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What is an inclusive activity?

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Damian Hatton

on 21 September 2018

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Transcript of What is an inclusive activity?

What is an inclusive activity? A Universal Design Approach
Introduction to Presenters
Introduction to the S4D Knowledge Exchange
Overview of the Agenda
Eli A. Wolff
Director of the Power of Sport Lab / Co-founder of the Sport and Society Initiative at Brown University
Catherine Carty
UNESCO Chair Project Manager “Transforming the lives of People with Disabilities, their families and Communities, Through Physical Education, Sport, Recreation and Fitness” at the Institute of Technology Tralee/ Chair Global Partnership for Children with Disabilities, Physical Activity and Sport Taskforce.
Tom Keyte
Co-founder - inFocus Enterprises
2016-17 Learning Community
Sport for Development and Peace International Working Group
(SDPIWG). Harnessing the Power of Sport for Development and Peac
"The intentional use of sport, physical activity and play to attain specific development objectives in low- and middle-income countries and disadvantaged communities in high-income settings."
Sport and Disability Knowledge Exchange
Objectives of the Knowledge Exchange
‘Disability is an evolving concept, and that disability results from the interaction between persons with impairments and attitudinal and environmental barriers that hinders full and effective participation in society on an equal basis with others’.

United Nations Conventions on the Rights of Persons with Disabilities
Article 1 of the Convention states: ‘Persons with disabilities include those who have long-term physical, mental, intellectual or sensory impairments which in interaction with various barriers may hinder their full and effective participation in society on an equal basis with others’.
The end product: a new theory of change
Across 2018 inFocus Enterprises are running a series of six interactive webinars (online workshops) that will bring together practitioners, funders and researchers working in the global field of sport for development (S4D)* and disability to share their experience and insights
Each of the webinars will explore a different topic related to S4D and disability through guided discussions and exercises, with a focus on exploring the commonalities and differences in S4D and disability work around the world.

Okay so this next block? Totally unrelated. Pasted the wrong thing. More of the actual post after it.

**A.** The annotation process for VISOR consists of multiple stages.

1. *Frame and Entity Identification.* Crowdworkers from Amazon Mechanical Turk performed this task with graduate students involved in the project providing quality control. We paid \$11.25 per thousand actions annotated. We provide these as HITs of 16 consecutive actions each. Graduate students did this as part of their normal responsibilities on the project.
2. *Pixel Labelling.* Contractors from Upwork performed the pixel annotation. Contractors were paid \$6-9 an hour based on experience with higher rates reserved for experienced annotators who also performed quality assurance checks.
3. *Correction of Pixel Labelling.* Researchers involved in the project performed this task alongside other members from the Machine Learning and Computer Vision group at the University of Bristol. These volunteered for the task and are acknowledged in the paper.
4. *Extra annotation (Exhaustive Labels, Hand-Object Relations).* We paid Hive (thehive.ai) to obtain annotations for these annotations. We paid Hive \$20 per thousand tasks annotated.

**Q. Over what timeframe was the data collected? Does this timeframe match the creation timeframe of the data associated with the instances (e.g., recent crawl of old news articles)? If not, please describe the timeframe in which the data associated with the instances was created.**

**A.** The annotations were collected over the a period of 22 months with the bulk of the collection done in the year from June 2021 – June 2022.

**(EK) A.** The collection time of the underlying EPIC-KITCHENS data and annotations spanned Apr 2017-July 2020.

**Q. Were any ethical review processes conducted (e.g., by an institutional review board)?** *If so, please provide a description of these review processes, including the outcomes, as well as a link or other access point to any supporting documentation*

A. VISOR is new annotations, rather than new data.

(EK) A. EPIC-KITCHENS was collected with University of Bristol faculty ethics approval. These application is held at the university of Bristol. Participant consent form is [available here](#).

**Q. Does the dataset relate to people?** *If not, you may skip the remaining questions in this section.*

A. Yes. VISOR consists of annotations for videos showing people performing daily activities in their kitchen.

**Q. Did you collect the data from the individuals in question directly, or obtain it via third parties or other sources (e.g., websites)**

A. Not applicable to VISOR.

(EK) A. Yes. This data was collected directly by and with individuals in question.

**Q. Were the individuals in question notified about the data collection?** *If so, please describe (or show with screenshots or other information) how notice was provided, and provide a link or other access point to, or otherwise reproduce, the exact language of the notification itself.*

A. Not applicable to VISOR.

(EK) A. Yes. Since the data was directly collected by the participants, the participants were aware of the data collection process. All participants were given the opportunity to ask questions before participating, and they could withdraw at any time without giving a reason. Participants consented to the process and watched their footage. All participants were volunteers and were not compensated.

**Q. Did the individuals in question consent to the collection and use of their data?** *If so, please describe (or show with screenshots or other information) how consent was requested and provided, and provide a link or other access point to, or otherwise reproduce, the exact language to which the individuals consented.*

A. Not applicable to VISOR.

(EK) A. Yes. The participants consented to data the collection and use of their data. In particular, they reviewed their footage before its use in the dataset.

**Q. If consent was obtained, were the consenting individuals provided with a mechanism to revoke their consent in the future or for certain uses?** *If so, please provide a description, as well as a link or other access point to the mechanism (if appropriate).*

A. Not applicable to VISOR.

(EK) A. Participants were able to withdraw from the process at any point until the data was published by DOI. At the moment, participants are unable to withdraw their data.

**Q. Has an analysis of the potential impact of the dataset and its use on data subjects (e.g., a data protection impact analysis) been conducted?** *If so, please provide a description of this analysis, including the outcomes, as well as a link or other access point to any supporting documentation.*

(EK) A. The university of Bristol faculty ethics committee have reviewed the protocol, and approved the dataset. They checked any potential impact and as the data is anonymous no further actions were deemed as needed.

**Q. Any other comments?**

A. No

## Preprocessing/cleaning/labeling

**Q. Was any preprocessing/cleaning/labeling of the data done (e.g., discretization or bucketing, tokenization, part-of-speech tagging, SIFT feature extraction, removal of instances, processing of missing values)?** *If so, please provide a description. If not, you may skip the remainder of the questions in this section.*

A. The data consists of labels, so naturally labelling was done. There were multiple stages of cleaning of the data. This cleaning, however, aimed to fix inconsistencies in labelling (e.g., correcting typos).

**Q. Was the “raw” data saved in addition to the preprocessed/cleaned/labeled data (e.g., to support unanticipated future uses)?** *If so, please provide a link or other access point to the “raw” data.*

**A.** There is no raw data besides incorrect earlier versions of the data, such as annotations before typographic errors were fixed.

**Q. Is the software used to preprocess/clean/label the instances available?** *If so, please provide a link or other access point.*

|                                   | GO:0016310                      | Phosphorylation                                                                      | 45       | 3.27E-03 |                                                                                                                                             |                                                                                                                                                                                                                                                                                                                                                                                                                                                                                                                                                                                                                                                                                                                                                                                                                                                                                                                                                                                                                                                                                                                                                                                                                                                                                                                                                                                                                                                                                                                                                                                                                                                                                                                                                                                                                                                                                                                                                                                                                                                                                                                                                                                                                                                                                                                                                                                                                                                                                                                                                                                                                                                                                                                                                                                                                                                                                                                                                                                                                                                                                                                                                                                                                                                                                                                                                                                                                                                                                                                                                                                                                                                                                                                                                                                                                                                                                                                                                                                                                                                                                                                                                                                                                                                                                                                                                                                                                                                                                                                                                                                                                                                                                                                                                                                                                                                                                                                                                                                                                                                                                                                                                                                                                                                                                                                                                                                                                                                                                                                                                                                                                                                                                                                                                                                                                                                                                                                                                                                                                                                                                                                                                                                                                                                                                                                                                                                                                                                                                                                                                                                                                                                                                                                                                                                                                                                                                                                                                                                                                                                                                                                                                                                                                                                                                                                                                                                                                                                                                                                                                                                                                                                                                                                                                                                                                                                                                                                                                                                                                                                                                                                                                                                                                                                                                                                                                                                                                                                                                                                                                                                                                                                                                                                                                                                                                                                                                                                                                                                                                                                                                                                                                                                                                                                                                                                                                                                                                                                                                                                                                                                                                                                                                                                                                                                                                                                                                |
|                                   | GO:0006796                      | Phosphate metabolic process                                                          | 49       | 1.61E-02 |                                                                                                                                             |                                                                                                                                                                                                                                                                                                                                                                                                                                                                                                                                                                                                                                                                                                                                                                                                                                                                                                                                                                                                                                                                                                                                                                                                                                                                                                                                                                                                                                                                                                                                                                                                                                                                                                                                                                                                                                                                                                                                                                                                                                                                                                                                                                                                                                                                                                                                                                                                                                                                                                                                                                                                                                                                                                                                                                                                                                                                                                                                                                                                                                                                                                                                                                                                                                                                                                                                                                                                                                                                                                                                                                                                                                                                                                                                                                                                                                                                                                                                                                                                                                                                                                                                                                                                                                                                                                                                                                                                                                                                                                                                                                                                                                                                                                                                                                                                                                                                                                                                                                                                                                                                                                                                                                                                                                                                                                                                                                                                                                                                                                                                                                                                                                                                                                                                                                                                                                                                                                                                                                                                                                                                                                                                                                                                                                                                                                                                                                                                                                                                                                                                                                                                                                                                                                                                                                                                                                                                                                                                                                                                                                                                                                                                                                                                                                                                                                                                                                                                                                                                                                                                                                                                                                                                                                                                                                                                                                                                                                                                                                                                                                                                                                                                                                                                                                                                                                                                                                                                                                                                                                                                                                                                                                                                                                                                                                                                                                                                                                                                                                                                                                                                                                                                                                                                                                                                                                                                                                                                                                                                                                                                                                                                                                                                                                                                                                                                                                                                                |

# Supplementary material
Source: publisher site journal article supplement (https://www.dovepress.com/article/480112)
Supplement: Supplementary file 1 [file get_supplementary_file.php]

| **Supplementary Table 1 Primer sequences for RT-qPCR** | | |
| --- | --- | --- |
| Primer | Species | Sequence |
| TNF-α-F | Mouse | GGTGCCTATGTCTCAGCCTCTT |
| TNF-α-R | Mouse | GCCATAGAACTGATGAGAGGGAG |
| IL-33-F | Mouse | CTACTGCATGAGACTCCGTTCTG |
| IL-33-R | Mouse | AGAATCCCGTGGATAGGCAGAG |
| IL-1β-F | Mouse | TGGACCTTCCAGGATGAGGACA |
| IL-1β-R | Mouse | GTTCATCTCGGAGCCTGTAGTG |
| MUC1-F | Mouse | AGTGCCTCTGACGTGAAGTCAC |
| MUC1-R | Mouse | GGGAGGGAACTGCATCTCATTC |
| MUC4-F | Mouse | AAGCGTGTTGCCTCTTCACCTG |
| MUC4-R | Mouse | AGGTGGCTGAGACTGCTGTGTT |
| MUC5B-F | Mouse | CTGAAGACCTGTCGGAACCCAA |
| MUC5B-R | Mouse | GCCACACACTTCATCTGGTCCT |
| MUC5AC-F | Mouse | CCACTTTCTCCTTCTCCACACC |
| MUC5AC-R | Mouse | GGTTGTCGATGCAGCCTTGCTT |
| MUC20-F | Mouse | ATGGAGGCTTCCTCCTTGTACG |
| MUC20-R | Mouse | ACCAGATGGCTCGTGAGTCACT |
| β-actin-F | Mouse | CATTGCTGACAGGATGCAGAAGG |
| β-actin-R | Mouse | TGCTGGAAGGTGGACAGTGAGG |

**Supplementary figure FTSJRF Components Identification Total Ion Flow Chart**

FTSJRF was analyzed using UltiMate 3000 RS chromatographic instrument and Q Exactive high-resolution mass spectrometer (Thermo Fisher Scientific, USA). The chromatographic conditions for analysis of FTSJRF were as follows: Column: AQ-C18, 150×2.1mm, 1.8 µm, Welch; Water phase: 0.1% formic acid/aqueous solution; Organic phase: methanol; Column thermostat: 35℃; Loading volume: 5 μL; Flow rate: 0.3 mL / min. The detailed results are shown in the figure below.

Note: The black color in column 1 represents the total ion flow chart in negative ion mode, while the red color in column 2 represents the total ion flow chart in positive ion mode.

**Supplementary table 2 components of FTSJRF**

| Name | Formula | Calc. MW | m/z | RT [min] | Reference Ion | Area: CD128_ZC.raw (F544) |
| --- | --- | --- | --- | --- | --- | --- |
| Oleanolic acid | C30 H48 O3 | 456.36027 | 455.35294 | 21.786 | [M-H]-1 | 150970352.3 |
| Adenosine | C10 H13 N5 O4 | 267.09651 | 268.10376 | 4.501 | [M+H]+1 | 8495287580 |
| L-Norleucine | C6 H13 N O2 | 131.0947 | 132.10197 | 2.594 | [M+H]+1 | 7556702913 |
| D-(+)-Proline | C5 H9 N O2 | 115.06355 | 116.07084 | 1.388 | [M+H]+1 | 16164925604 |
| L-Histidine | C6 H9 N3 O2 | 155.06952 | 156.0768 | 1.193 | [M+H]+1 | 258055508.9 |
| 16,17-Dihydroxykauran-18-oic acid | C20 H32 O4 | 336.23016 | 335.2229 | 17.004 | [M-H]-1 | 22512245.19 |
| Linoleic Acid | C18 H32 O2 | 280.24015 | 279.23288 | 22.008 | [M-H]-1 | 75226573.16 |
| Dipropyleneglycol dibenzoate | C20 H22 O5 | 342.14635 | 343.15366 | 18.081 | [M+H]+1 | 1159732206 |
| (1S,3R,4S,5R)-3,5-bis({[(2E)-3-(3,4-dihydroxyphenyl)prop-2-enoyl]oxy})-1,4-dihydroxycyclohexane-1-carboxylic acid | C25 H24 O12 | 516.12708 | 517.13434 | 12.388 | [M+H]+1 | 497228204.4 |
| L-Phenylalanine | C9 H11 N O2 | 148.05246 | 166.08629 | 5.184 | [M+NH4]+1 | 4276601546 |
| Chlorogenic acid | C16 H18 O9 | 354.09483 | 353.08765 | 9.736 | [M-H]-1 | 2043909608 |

The information generated from the webinars will be used to develop and refine a new theory of change (ToC) for S4D and Disability that will be publicly available as a resource in the S4D sector.
There is also the potential to pull together the learning from the six webinars into a journal article at the end of the year to share learning more widely.
Across 2016-17 the Laureus Sport for Good Foundation supported a learning community run by inFocus to work with 6 sport for development organisations around the world as part of a Learning Community
Exercise 1: Poll
How did you find out about the webinar today?
Why are we exploring Universal Design?
What is Universal Design?
A short history of Universal Design
Universal Design: Principles and Environments
User- Experts
How Universal is Universal Design?
Jim Rohn
"If you are not willing to risk the unusual, you will have to settle for the ordinary."

"Much of the discussion about socialism and individualism is entirely pointless, because of failure to agree on terminology.”
Theodore Roosevelt
"Universal Design is a framework for the design of places, things, information, communication and policy to be usable by the widest range of people operating in the widest range of situations without special or separate design. Most simply, Universal Design is human-centered design of everything with everyone in mind."
Part 2: Universal Design in Practice: The UTMF
Exercise 3:
How can we ensure that activities are as inclusive as possible across the 5 Universal Design environments?
Exercise 4: Open Question
What topic would you like to see the Sport and Disability Knowledge Exchange cover in future? Please enter into the question box.
The Universal Transformational Management Framework (UTMF)
What purpose does the UTMF serve?
Encouraging reflection on the benefits of embracing diversity
Stimulating knowledge growth
Promoting action to offer a universal service across all operational areas
Providing a guide for controlling and reviewing the organisation's practice
The UTMF is an all-encompassing framework that can be used as a management tool to facilitate the transformation of sport organisations with a view to providing universal services that include all citizens. Hence, we have at their disposal a framework that emphasizes the main areas of operation that should be considered while planning universal service provision.

The Universal Transformational Management Framework (UTMF) is composed of fourteen elements, which are essential factors that fitness managers should acknowledge and, if necessary, address with a view to inclusivizing service provision.